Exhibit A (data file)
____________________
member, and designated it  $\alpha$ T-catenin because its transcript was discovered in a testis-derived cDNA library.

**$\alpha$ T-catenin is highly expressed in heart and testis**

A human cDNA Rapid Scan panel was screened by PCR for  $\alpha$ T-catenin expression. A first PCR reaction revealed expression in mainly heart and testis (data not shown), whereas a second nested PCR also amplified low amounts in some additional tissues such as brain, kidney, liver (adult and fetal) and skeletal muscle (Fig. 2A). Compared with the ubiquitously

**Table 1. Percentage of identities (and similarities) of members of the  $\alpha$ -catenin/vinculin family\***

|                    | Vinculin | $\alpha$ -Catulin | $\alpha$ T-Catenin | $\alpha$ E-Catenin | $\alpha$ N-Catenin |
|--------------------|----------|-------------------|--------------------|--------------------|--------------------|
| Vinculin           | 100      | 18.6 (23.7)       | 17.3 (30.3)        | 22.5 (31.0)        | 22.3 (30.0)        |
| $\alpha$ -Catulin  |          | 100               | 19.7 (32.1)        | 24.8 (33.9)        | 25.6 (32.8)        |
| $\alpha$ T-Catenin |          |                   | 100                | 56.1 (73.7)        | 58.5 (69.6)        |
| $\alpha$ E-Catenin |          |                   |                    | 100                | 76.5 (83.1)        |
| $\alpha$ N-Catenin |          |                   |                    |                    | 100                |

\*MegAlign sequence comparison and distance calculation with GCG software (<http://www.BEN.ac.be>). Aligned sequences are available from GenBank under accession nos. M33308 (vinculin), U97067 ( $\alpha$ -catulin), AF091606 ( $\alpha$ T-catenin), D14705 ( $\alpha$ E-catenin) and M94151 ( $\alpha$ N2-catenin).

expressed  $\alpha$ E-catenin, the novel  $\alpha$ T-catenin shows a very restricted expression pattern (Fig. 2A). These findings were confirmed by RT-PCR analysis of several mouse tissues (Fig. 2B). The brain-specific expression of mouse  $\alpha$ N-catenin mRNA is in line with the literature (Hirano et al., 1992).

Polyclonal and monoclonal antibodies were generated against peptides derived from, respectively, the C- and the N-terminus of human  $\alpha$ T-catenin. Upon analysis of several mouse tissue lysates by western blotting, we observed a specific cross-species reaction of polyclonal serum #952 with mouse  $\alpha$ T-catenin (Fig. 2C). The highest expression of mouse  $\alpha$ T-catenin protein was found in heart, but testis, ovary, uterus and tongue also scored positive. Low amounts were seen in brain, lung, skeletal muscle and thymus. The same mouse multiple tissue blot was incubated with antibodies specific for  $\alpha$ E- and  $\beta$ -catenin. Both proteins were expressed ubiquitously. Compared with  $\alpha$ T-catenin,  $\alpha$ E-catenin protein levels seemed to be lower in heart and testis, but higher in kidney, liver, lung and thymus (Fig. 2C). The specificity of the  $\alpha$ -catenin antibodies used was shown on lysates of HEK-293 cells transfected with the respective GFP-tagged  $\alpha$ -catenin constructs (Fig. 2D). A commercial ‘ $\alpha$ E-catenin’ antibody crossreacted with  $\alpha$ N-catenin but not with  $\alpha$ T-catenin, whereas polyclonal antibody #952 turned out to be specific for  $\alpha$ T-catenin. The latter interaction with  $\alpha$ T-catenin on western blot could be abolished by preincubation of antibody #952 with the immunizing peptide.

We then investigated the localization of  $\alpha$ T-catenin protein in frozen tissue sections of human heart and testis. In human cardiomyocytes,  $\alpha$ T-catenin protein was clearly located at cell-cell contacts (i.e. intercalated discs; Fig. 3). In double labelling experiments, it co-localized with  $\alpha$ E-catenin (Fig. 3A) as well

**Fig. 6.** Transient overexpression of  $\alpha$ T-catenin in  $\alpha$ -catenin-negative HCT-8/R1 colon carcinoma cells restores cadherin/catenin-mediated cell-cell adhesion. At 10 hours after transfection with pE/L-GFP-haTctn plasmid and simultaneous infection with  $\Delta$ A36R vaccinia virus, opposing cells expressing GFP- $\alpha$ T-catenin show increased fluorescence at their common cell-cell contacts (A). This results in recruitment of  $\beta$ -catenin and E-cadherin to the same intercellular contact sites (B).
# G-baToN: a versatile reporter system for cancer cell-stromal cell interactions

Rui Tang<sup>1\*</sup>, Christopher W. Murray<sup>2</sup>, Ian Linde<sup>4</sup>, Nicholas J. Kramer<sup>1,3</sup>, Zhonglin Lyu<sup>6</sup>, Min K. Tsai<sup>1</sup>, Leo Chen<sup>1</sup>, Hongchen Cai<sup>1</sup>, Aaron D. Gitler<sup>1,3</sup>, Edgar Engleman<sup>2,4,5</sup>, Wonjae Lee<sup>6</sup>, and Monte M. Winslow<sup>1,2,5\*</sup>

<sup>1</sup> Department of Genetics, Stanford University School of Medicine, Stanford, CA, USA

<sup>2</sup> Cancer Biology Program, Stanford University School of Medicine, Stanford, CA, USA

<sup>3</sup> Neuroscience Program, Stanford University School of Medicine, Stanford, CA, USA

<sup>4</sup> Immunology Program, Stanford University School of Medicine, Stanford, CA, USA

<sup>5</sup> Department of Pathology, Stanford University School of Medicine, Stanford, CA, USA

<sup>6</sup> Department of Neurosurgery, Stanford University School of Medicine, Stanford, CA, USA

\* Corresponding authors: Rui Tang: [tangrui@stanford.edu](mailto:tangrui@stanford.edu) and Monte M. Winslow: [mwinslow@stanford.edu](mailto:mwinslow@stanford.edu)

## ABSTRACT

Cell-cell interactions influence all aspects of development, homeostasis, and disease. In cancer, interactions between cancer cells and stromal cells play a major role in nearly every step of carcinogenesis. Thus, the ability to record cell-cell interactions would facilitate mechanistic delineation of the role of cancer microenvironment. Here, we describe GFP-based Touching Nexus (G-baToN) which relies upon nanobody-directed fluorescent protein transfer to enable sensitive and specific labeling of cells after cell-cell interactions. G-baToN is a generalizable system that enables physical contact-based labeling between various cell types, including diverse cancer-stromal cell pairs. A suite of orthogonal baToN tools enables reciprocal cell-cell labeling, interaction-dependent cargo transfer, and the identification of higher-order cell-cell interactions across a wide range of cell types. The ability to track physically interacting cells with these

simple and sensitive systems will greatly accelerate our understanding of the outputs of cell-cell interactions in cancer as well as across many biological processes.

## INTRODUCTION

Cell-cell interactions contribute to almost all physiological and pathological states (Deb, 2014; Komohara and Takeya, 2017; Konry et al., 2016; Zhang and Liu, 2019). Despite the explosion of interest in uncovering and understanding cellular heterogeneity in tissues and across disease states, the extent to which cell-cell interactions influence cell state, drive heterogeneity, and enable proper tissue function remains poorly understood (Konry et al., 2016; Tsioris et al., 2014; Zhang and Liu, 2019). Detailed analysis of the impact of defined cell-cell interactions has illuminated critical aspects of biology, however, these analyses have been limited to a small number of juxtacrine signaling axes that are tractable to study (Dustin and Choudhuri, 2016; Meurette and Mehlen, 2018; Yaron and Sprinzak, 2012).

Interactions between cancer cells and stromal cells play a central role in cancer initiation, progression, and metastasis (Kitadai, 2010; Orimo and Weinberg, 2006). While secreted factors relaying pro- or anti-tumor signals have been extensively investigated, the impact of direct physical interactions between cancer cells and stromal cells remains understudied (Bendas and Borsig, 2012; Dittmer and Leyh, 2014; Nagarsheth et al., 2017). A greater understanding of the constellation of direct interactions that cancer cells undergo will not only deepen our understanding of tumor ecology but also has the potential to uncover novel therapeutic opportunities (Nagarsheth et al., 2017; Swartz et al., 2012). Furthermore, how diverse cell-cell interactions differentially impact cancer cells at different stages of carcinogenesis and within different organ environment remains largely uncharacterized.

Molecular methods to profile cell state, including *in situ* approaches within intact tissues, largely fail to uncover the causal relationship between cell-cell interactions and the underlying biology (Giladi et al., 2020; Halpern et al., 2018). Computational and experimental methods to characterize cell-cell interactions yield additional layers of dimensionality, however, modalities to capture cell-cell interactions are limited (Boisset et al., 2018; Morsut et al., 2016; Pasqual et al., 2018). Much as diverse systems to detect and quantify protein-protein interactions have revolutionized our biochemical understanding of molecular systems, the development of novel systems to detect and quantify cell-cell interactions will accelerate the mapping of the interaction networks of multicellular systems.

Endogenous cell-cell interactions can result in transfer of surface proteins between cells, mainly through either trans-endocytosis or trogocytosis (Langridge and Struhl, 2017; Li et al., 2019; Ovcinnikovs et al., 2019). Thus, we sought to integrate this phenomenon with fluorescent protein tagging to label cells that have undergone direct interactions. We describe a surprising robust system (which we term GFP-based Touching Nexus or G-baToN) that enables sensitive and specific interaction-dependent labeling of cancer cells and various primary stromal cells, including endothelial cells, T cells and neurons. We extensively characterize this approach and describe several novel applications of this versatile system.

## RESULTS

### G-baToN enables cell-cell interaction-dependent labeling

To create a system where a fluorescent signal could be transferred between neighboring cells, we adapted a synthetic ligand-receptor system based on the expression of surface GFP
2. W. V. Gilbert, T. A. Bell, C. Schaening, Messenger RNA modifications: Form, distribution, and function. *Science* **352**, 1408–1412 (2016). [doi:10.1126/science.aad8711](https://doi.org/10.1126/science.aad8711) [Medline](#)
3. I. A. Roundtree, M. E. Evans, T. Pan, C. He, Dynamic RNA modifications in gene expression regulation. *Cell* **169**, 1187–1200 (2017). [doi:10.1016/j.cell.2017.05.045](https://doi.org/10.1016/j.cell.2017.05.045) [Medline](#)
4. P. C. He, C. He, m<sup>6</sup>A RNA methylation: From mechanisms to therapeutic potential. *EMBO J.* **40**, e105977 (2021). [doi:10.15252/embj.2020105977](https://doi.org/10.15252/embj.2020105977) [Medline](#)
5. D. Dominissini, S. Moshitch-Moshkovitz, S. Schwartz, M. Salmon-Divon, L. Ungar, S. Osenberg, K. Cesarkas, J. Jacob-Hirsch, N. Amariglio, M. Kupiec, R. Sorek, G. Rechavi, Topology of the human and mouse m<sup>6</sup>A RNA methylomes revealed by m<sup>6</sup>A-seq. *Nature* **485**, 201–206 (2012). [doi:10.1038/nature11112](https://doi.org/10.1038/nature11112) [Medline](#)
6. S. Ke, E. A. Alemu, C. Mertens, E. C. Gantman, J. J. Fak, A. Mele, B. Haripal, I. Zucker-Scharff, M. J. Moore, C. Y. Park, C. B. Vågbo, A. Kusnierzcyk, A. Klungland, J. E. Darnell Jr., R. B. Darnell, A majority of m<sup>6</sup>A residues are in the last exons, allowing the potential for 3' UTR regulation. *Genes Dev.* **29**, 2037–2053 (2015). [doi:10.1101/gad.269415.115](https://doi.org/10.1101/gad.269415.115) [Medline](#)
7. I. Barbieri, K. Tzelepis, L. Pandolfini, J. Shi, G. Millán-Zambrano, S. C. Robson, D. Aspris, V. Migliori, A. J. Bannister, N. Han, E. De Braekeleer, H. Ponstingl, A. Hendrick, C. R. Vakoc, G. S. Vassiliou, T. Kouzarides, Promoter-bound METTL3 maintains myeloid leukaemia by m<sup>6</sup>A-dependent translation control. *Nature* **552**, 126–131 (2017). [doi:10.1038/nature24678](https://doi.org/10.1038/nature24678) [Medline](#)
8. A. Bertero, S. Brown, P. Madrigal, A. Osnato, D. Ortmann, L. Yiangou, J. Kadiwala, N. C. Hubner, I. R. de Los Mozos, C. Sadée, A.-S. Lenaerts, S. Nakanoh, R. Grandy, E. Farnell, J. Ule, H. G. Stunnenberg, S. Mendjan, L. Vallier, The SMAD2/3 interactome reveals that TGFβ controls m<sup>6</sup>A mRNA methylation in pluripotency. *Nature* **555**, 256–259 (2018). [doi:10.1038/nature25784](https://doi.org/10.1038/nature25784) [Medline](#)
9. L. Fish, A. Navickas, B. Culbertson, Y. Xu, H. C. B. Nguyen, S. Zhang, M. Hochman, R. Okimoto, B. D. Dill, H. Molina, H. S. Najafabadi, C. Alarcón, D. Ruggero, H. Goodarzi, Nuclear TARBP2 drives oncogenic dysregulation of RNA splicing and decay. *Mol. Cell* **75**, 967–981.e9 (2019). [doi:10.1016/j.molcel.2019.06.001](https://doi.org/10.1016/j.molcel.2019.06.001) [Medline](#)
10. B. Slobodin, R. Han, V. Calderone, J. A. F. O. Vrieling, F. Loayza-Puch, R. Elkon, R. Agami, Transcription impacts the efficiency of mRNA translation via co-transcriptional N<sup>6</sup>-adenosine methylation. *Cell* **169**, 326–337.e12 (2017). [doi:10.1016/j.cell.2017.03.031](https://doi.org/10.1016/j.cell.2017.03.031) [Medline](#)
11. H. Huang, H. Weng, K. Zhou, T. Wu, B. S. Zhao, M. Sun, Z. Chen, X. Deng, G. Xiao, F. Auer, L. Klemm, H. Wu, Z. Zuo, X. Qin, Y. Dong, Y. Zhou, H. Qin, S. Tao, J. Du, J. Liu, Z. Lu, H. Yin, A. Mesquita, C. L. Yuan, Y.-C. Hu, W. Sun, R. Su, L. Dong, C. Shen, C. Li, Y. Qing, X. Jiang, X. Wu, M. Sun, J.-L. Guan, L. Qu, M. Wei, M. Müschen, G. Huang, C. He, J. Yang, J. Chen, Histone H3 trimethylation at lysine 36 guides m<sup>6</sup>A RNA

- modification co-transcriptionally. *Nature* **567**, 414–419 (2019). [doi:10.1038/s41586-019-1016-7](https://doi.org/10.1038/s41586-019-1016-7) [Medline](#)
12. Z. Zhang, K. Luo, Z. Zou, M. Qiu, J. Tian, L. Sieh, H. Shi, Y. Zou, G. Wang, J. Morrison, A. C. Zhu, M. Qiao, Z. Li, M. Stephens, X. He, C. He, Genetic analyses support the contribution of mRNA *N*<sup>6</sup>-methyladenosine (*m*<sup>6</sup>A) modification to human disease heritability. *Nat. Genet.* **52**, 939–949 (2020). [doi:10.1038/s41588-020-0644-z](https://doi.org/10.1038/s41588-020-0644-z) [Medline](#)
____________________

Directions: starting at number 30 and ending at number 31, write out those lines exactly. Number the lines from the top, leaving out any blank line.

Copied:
Cell-cell interactions contribute to almost all physiological and pathological states (Deb, 2014; Komohara and Takeya, 2017; Konry et al., 2016; Zhang and Liu, 2019). Despite the explosion of interest in uncovering and understanding cellular heterogeneity in tissues and across disease states, the extent to which cell-cell interactions influence cell state, drive heterogeneity, and enable proper tissue function remains poorly understood (Konry et al., 2016; Tsioris et al., 2014; Zhang and Liu, 2019). Detailed analysis of the impact of defined cell-cell interactions has illuminated critical aspects of biology, however, these analyses have been limited to a small number of juxtacrine signaling axes that are tractable to study (Dustin and Choudhuri, 2016; Meurette and Mehlen, 2018; Yaron and Sprinzak, 2012).

Interactions between cancer cells and stromal cells play a central role in cancer initiation, progression, and metastasis (Kitadai, 2010; Orimo and Weinberg, 2006). While secreted factors relaying pro- or anti-tumor signals have been extensively investigated, the impact of direct physical interactions between cancer cells and stromal cells remains understudied (Bendas and Borsig, 2012; Dittmer and Leyh, 2014; Nagarsheth et al., 2017). A greater understanding of the constellation of direct interactions that cancer cells undergo will not only deepen our understanding of tumor ecology but also has the potential to uncover novel therapeutic opportunities (Nagarsheth et al., 2017; Swartz et al., 2012). Furthermore, how diverse cell-cell interactions differentially impact cancer cells at different stages of carcinogenesis and within different organ environment remains largely uncharacterized.